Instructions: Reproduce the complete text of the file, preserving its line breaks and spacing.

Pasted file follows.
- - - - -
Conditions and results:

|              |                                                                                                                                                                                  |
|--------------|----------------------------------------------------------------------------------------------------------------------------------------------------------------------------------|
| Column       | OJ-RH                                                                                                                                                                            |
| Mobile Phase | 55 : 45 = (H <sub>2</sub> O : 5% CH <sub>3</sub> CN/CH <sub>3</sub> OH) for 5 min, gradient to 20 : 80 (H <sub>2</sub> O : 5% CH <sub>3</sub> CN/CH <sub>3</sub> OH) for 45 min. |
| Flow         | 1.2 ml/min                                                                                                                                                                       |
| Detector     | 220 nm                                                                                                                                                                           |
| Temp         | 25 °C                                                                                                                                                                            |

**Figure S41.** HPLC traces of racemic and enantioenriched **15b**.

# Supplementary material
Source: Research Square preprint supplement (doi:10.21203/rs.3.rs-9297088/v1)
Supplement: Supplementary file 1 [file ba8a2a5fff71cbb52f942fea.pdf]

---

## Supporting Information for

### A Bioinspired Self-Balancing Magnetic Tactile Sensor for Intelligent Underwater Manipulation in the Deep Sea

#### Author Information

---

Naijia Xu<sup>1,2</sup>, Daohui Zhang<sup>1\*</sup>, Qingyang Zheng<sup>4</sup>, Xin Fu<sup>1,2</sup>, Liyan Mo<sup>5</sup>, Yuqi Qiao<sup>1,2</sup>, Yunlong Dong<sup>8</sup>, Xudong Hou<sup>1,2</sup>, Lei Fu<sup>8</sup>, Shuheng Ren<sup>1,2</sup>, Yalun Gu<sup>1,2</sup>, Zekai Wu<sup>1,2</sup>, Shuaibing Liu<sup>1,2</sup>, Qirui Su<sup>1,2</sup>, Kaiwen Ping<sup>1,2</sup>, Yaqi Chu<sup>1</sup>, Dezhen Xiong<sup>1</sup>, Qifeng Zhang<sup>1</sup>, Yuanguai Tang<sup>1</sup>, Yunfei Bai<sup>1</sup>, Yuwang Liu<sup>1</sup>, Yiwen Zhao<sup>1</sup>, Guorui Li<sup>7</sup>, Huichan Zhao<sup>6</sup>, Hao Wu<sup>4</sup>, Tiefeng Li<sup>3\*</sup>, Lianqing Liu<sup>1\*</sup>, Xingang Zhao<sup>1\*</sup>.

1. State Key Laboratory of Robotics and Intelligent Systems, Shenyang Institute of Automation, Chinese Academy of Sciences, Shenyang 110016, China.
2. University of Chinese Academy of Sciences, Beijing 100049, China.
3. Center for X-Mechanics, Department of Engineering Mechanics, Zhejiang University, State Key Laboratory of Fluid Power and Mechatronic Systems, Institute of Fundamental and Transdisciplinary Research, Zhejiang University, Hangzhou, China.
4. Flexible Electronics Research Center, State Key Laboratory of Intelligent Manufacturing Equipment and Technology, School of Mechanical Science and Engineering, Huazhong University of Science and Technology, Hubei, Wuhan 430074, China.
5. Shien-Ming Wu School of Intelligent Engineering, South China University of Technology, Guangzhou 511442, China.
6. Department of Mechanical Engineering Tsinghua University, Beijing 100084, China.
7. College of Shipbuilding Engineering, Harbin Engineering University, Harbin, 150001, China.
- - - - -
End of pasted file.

Conditions and results:

|              |                                                                                                                                                                                  |
|--------------|----------------------------------------------------------------------------------------------------------------------------------------------------------------------------------|
| Column       | OJ-RH                                                                                                                                                                            |
| Mobile Phase | 55 : 45 = (H <sub>2</sub> O : 5% CH <sub>3</sub> CN/CH <sub>3</sub> OH) for 5 min, gradient to 20 : 80 (H <sub>2</sub> O : 5% CH <sub>3</sub> CN/CH <sub>3</sub> OH) for 45 min. |
| Flow         | 1.2 ml/min                                                                                                                                                                       |
| Detector     | 220 nm                                                                                                                                                                           |
| Temp         | 25 °C                                                                                                                                                                            |

**Figure S41.** HPLC traces of racemic and enantioenriched **15b**.

# Supplementary material
Source: Research Square preprint supplement (doi:10.21203/rs.3.rs-9297088/v1)
Supplement: Supplementary file 1 [file ba8a2a5fff71cbb52f942fea.pdf]

---

## Supporting Information for

### A Bioinspired Self-Balancing Magnetic Tactile Sensor for Intelligent Underwater Manipulation in the Deep Sea

#### Author Information

---

Naijia Xu<sup>1,2</sup>, Daohui Zhang<sup>1\*</sup>, Qingyang Zheng<sup>4</sup>, Xin Fu<sup>1,2</sup>, Liyan Mo<sup>5</sup>, Yuqi Qiao<sup>1,2</sup>, Yunlong Dong<sup>8</sup>, Xudong Hou<sup>1,2</sup>, Lei Fu<sup>8</sup>, Shuheng Ren<sup>1,2</sup>, Yalun Gu<sup>1,2</sup>, Zekai Wu<sup>1,2</sup>, Shuaibing Liu<sup>1,2</sup>, Qirui Su<sup>1,2</sup>, Kaiwen Ping<sup>1,2</sup>, Yaqi Chu<sup>1</sup>, Dezhen Xiong<sup>1</sup>, Qifeng Zhang<sup>1</sup>, Yuanguai Tang<sup>1</sup>, Yunfei Bai<sup>1</sup>, Yuwang Liu<sup>1</sup>, Yiwen Zhao<sup>1</sup>, Guorui Li<sup>7</sup>, Huichan Zhao<sup>6</sup>, Hao Wu<sup>4</sup>, Tiefeng Li<sup>3\*</sup>, Lianqing Liu<sup>1\*</sup>, Xingang Zhao<sup>1\*</sup>.

1. State Key Laboratory of Robotics and Intelligent Systems, Shenyang Institute of Automation, Chinese Academy of Sciences, Shenyang 110016, China.
2. University of Chinese Academy of Sciences, Beijing 100049, China.
3. Center for X-Mechanics, Department of Engineering Mechanics, Zhejiang University, State Key Laboratory of Fluid Power and Mechatronic Systems, Institute of Fundamental and Transdisciplinary Research, Zhejiang University, Hangzhou, China.
4. Flexible Electronics Research Center, State Key Laboratory of Intelligent Manufacturing Equipment and Technology, School of Mechanical Science and Engineering, Huazhong University of Science and Technology, Hubei, Wuhan 430074, China.
5. Shien-Ming Wu School of Intelligent Engineering, South China University of Technology, Guangzhou 511442, China.
6. Department of Mechanical Engineering Tsinghua University, Beijing 100084, China.
7. College of Shipbuilding Engineering, Harbin Engineering University, Harbin, 150001, China.